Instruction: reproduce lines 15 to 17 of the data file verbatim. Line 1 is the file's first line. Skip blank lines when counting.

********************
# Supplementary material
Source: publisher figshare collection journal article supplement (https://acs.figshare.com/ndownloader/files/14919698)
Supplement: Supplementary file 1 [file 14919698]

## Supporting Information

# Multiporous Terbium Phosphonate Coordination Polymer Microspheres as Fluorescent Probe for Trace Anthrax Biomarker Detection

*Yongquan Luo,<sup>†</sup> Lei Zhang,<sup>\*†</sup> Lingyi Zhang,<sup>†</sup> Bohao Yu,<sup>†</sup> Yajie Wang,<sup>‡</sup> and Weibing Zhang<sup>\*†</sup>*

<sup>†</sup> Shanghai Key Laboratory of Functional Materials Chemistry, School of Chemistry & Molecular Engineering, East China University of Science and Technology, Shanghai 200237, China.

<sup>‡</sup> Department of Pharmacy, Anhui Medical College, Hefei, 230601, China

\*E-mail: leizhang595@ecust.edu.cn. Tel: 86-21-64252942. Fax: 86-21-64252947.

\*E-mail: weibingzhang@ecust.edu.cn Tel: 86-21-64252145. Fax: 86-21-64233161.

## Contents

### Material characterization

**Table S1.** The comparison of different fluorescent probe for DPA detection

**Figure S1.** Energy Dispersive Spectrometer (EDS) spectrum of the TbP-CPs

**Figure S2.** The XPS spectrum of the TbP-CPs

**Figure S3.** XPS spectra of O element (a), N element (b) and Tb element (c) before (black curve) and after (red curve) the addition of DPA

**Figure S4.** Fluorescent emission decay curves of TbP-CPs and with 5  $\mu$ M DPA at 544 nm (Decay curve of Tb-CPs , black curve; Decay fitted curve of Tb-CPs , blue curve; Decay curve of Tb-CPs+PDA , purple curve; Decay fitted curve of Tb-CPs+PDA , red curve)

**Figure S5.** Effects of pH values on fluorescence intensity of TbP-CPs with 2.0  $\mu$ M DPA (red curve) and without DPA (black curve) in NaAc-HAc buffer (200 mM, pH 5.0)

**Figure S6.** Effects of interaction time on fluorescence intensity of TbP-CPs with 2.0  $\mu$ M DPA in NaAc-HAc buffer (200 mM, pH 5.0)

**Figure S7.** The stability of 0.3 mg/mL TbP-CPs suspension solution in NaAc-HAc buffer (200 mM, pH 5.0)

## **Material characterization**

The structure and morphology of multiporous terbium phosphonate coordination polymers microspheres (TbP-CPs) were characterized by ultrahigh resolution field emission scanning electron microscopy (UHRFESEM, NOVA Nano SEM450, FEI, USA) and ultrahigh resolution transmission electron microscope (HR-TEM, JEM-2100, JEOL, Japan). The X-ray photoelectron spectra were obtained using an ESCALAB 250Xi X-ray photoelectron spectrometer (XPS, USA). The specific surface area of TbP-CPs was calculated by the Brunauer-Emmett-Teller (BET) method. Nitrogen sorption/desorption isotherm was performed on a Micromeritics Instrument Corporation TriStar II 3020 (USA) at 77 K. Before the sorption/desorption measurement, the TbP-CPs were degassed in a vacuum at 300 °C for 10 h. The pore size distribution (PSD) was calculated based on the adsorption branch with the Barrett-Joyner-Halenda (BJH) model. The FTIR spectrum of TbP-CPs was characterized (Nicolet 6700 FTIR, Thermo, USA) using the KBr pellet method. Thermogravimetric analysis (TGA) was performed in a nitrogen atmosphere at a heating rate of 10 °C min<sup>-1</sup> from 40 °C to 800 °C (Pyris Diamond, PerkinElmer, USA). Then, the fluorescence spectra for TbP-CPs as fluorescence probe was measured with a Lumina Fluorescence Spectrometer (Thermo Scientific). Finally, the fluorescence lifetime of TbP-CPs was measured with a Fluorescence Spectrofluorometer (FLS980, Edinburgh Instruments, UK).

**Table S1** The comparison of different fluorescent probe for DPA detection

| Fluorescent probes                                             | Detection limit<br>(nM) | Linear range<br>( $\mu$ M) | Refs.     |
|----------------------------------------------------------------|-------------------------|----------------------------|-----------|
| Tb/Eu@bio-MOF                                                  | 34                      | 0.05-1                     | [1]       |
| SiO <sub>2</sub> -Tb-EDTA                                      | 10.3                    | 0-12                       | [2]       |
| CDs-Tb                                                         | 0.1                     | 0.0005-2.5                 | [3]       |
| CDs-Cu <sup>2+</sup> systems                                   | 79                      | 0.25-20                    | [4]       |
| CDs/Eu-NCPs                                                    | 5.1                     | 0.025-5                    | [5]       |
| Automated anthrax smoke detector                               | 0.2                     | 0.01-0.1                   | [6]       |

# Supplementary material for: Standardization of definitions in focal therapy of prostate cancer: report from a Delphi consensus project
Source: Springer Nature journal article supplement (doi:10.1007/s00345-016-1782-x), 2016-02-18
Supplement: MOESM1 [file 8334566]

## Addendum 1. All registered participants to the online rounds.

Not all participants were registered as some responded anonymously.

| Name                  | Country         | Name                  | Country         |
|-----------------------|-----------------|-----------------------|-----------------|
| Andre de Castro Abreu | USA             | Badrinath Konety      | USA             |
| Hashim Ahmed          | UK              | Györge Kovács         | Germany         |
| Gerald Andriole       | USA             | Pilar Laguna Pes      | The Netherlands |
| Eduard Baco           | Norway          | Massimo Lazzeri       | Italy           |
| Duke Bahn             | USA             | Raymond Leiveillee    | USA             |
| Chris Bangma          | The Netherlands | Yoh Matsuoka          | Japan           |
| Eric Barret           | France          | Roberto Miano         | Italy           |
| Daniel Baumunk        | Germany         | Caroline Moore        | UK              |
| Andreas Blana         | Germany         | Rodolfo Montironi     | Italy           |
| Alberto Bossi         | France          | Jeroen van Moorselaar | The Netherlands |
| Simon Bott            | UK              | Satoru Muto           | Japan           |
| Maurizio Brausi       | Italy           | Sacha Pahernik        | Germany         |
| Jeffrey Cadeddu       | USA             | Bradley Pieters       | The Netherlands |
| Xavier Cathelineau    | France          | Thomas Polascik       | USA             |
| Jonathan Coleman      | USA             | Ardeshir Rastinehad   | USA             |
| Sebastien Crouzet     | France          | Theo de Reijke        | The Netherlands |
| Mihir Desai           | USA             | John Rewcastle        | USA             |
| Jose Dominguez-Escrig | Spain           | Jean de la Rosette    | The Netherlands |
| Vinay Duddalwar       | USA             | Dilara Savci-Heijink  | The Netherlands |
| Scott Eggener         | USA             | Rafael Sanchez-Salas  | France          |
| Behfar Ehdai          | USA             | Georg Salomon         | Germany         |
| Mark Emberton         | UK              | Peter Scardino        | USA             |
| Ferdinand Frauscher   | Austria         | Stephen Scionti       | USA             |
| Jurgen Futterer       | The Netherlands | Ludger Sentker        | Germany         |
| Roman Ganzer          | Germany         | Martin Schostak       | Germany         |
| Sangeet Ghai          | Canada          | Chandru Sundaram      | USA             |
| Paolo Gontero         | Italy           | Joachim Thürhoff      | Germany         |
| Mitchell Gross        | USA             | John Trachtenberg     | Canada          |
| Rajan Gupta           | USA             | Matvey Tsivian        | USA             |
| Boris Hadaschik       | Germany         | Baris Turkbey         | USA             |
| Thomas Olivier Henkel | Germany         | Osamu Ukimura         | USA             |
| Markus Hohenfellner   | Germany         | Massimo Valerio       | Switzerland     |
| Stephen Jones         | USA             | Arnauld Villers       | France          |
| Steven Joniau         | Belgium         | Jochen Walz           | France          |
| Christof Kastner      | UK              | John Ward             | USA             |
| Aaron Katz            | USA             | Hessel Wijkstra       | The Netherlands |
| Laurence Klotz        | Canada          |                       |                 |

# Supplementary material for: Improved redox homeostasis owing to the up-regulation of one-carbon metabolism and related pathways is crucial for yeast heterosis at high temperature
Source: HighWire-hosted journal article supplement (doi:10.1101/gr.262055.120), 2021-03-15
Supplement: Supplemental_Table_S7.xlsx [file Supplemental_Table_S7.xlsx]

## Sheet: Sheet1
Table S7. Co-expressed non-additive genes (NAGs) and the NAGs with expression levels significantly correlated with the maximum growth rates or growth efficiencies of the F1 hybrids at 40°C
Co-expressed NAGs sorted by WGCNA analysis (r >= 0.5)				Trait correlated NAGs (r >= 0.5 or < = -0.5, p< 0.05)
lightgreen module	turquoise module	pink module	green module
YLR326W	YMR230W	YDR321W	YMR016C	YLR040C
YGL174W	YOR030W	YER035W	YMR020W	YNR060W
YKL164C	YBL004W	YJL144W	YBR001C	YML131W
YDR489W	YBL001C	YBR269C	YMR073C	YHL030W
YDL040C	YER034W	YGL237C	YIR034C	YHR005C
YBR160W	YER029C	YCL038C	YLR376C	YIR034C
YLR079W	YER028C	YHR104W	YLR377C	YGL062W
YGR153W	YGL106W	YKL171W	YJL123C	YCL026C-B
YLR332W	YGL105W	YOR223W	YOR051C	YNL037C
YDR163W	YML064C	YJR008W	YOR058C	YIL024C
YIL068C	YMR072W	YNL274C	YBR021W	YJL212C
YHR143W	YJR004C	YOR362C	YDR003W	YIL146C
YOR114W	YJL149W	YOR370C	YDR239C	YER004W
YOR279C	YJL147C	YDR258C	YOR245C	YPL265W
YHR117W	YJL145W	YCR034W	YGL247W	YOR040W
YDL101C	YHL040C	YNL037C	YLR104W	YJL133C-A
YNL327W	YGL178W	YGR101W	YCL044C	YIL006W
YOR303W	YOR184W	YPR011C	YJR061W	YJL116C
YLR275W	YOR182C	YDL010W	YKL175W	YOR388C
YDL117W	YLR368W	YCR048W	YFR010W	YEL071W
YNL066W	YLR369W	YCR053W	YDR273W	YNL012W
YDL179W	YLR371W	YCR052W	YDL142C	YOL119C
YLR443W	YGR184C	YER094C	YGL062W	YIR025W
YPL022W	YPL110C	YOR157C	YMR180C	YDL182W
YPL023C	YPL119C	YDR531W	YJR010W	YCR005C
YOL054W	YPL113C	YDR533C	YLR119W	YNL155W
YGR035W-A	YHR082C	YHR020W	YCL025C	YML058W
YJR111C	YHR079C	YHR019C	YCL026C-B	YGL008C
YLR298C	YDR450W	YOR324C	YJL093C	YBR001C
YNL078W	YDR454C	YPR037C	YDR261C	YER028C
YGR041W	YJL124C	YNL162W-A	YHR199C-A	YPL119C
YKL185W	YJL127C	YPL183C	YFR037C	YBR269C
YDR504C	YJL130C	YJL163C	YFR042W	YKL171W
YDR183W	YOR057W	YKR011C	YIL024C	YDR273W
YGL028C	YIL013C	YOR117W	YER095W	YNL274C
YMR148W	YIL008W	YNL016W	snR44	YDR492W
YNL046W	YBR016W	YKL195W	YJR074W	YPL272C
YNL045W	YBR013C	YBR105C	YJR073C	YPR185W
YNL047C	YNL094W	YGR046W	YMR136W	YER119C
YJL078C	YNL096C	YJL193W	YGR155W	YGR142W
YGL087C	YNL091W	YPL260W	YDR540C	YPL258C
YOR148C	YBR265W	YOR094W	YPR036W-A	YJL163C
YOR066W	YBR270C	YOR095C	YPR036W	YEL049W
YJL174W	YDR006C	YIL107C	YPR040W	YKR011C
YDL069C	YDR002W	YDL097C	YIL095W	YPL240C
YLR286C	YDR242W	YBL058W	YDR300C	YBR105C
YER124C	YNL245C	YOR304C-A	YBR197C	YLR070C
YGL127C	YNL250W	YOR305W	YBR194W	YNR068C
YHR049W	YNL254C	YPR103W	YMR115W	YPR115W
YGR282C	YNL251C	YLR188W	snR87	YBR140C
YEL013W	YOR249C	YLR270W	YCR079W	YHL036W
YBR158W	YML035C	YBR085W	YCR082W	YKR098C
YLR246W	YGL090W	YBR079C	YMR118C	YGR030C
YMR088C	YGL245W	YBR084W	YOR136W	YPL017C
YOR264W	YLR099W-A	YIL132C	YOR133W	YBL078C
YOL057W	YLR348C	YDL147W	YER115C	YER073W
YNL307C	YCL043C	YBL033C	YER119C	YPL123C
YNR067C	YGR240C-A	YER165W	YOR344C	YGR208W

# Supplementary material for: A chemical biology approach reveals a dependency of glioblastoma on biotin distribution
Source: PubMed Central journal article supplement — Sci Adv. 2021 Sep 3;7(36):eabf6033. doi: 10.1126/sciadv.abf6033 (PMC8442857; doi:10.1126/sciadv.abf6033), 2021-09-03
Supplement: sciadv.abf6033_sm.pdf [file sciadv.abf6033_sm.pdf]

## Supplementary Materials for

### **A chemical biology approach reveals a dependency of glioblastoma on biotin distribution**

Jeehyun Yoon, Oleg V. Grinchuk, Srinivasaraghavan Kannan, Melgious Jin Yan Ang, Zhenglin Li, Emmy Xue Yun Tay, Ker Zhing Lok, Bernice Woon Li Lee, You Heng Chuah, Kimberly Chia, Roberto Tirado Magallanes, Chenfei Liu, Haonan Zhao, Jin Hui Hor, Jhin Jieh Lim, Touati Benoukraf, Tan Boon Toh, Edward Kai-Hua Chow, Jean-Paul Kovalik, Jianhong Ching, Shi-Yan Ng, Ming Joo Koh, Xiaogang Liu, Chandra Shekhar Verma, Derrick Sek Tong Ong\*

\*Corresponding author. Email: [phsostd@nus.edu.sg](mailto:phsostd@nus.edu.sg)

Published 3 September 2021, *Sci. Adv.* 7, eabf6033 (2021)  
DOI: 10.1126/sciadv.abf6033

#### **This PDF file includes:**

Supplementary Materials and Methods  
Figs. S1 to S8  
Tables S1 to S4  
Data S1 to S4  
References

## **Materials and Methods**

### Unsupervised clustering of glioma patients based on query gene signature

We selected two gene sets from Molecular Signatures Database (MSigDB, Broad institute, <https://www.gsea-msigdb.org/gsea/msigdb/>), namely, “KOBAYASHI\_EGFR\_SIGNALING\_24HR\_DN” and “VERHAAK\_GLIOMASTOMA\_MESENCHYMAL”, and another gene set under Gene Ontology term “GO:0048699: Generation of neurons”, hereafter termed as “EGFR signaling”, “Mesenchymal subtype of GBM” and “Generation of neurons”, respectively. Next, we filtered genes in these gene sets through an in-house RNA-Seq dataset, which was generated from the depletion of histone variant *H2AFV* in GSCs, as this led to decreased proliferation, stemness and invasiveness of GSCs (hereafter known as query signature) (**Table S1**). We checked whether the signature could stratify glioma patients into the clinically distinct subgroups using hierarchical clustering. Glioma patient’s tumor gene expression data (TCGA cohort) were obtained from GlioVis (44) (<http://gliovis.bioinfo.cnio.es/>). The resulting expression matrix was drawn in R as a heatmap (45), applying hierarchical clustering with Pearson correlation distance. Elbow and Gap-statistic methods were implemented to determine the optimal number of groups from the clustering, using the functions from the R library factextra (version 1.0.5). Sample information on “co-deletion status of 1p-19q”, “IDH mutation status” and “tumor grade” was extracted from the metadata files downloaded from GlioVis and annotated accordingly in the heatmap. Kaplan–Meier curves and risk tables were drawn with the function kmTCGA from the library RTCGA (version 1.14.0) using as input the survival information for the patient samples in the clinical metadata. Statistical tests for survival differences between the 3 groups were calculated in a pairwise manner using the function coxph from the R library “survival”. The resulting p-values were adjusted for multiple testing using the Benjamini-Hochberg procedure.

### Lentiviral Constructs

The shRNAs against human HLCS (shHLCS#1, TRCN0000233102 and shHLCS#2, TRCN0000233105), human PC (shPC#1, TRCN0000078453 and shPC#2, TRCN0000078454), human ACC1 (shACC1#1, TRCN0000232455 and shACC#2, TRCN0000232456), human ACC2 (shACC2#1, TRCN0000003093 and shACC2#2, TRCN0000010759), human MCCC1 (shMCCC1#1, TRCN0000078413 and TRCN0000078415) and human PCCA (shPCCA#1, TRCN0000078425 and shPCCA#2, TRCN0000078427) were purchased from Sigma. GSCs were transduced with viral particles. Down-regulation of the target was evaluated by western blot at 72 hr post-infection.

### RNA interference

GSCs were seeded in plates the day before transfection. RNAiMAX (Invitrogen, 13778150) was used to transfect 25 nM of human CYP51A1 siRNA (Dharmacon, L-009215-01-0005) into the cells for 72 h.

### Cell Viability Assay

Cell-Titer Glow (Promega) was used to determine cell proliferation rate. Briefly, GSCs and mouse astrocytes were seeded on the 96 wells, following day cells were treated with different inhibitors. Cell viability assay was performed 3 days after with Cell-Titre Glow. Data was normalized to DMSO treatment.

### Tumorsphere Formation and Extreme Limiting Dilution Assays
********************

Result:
**Figure S2.** The XPS spectrum of the TbP-CPs

**Figure S3.** XPS spectra of O element (a), N element (b) and Tb element (c) before (black curve) and after (red curve) the addition of DPA

**Figure S4.** Fluorescent emission decay curves of TbP-CPs and with 5  $\mu$ M DPA at 544 nm (Decay curve of Tb-CPs , black curve; Decay fitted curve of Tb-CPs , blue curve; Decay curve of Tb-CPs+PDA , purple curve; Decay fitted curve of Tb-CPs+PDA , red curve)